When we think of the values we want to pass down to our children, we also think about how those practically play out in our day to day lives as habits. It’s one thing to like the idea of a value, but if it isn’t something you have incorporated into your life, it won’t likely get passed on to your children.
One of the values we want to pass down to our children is for them to contribute to the family. From the time our children were about eighteen months old, we found places for them to begin helping out. When our son August was three years old, one way he helped around the house was to separate the silverware. We’d get the silverware rack out of the dishwasher and set it beside the silverware tray from the drawer. It was his job to sort all the clean forks, spoons, and butter knives into the tray. Like most new things, the first few times this was an exciting experience for him. He was doing a “big boy job” and was quite proud of himself. Unfortunately for us, after about three days of doing this every morning, the fun started to wear off for him.
Having a child do something they don’t want to do is not the most enjoyable experience for a parent. After day three, August did not want to sort the silverware every morning and made sure we knew about it. The fun was gone so he was done, or so he thought. For us, as parents, this “big boy job” was more than just about the silverware; it was about contribution. We want our children to contribute to our family and sorting silverware was a place we decided August would begin. His lack of interest in his new task did not deter us from making sure he continued doing it.
At first, we tried letting him pay us to do the silverware for him. That worked for about 2 days – until he ran out of the money he had saved. Then we tried having him sit in what we call the “no fun” chair until he was ready to help. (A “no fun” chair is a place a child sits when they are not choosing to be fun for others to be around.) He sat in the chair until he decided he’d rather go sort silverware than sit in the chair all day. With this idea, we found a solution which finally worked. He happily went to the chair, because in the moment, the chair seemed much more inviting than the unsorted silverware. But, after about ten minutes, he decided he’d rather tackle the silverware than sit in the chair any longer. The momentary excitement of skipping out on his job was soon dashed by the restriction of sitting in a chair all alone.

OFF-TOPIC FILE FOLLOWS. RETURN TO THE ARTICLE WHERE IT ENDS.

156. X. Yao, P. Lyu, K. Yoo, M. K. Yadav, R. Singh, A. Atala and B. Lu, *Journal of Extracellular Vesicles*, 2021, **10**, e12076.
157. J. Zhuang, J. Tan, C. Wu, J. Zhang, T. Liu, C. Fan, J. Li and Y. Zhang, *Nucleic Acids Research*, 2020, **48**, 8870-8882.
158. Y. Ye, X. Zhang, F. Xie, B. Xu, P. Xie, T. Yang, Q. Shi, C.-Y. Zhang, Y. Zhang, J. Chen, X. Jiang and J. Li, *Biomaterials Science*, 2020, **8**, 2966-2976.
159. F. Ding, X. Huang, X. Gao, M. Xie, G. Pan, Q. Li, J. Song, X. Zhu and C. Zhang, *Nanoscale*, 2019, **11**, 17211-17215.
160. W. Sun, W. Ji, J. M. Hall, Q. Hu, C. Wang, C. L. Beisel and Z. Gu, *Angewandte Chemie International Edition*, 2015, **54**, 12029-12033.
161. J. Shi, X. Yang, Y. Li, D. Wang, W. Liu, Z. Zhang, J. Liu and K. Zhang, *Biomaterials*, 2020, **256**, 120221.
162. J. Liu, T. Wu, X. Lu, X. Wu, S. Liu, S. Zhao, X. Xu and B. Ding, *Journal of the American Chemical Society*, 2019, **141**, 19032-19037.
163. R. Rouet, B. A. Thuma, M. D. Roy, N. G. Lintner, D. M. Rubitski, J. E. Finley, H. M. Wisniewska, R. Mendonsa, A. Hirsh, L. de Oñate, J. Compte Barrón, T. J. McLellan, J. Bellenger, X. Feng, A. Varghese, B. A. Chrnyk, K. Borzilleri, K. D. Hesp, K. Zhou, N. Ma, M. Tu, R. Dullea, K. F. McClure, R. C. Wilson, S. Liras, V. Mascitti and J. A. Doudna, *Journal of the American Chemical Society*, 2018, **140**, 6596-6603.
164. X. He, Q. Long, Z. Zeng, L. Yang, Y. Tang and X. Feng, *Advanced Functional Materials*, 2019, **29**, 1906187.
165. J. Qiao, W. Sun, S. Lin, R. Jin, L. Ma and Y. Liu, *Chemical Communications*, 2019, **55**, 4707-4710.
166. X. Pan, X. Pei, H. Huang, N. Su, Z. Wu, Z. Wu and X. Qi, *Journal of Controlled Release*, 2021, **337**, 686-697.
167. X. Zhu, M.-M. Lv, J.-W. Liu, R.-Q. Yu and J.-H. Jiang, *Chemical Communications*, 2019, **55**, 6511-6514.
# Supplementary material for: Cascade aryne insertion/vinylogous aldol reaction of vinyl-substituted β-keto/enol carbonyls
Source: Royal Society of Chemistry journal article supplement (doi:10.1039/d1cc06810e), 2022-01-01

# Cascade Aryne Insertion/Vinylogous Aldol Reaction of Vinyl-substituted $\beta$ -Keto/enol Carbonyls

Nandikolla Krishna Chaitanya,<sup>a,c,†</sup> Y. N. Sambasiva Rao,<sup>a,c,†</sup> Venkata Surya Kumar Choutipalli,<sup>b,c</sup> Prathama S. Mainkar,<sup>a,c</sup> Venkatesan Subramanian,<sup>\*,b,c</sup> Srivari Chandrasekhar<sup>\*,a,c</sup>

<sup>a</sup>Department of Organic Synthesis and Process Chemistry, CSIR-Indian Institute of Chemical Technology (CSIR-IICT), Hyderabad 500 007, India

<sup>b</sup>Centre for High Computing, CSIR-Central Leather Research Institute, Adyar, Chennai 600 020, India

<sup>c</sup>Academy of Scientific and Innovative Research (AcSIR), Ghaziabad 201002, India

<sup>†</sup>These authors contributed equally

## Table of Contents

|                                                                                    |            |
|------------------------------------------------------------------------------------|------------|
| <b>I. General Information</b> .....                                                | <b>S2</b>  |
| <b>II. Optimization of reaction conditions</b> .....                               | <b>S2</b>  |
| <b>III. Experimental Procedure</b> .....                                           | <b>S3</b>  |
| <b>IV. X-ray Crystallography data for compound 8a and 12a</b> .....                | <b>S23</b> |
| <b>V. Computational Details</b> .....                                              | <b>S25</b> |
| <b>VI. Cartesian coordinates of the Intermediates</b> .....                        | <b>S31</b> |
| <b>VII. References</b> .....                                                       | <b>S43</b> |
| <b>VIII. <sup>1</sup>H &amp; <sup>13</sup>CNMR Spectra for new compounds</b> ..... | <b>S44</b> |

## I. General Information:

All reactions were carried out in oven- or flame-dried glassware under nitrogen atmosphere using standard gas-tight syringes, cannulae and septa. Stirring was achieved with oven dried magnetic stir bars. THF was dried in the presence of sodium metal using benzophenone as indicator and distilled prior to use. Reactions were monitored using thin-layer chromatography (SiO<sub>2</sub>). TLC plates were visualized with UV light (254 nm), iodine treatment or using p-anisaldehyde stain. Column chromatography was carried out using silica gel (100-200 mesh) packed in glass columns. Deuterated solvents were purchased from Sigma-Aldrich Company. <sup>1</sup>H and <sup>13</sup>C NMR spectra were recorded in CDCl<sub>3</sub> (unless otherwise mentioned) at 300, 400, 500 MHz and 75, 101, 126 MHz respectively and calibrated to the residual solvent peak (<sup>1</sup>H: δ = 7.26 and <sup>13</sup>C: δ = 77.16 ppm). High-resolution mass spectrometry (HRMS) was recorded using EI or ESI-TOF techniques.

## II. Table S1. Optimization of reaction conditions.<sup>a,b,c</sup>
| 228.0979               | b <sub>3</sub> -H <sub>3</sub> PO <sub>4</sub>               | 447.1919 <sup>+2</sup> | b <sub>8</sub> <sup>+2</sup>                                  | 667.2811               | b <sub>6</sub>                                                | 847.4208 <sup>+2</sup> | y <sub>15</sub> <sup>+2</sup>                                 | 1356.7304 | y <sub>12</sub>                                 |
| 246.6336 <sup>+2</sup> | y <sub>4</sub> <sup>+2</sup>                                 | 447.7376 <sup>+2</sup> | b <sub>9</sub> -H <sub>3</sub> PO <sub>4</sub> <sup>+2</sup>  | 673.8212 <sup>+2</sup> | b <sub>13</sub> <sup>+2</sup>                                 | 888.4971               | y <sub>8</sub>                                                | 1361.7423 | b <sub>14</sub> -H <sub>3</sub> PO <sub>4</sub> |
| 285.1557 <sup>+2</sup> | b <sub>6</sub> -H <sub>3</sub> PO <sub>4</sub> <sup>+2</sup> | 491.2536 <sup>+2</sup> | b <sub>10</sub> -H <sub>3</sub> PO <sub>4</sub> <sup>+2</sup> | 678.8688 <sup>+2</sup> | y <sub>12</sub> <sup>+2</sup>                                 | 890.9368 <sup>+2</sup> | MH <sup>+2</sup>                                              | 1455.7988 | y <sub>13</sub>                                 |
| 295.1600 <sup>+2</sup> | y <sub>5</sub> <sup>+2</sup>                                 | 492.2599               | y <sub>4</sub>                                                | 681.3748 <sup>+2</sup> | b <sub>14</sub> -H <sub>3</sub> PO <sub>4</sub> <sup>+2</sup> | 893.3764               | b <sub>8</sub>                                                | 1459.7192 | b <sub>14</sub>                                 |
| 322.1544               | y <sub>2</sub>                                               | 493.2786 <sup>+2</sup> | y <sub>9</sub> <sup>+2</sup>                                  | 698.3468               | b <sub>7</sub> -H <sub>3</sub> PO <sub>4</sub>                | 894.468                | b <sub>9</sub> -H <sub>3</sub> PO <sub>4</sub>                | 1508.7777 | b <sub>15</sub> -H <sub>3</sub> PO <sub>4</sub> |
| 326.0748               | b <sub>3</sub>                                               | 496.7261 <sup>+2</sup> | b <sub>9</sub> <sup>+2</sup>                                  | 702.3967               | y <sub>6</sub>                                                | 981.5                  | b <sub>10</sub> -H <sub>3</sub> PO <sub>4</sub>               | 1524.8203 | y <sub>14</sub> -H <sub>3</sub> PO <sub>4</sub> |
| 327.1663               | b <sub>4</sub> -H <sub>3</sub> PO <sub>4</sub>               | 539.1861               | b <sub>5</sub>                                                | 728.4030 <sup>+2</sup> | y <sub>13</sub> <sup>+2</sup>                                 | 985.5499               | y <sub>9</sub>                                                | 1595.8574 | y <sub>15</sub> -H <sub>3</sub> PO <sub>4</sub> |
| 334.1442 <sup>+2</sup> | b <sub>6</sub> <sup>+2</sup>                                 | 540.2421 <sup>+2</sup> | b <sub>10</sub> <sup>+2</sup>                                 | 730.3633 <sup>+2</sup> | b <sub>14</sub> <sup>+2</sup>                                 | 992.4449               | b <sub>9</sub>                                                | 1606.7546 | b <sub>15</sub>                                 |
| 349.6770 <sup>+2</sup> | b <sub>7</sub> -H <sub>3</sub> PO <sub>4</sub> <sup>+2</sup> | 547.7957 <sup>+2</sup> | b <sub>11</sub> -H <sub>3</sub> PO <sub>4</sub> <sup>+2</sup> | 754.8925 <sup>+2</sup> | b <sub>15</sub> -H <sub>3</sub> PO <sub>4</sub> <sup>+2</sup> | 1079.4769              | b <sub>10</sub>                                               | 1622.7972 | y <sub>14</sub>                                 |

It took about a week of giving him the choice of the chair or sorting silverware, but he eventually sorted out in his mind that simply doing the silverware when he was asked was the best option. In the middle of our daily challenge with August and the silverware, it seemed like a big hassle for us to deal with the situation. At times, we were tempted to do it for him rather than push through. It definitely would have saved us time, but we knew we were investing in something bigger. We were creating something in our child that would last his lifetime. Because of this, we were willing to take a week or a month to push through the frustration and inconvenience, no matter how long it might possibly take. We weren’t focused on sorting silverware; we were focused on the future. We weren’t looking at the short-term hassle of whining and pushing through to be consistent; we were looking at what consistency would produce in us and in our son.
It might sound like we were just typical parents working through how to have our children help out around the house, but what we were really doing is investing in eternity. We are raising world changers in our home. We are raising children who value God, themselves, and others, and who know they have something wonderful to offer the world. One day, they are going to be contributors to society, and we want their contributions to have a positive impact on everyone they influence.
What feels like normal day-to-day life for a parent actually has a much greater impact than here and now. We, as parents, drastically impact the lives of our children. The choices and decisions we make as we raise them will echo into eternity. It’s easy to forget that the here and now will touch eternity, but it will. Intentionally investing in our children while they are young is an investment that will pay off one hundred fold in the future. Intentional parenting starts every morning when our children wake up. It might be as simple as following through to have them sort the silverware, or it might be teaching them about who God is and who they are to Him. No matter how small and trivial or how large and substantial daily interactions with your child seem, they all come together to define a child who will one day become an adult in our world making decisions for themselves and impacting those around them.
What are some of the values that you are wanting to pass on to your children? How can you take some practical steps to incorporate them into your family life?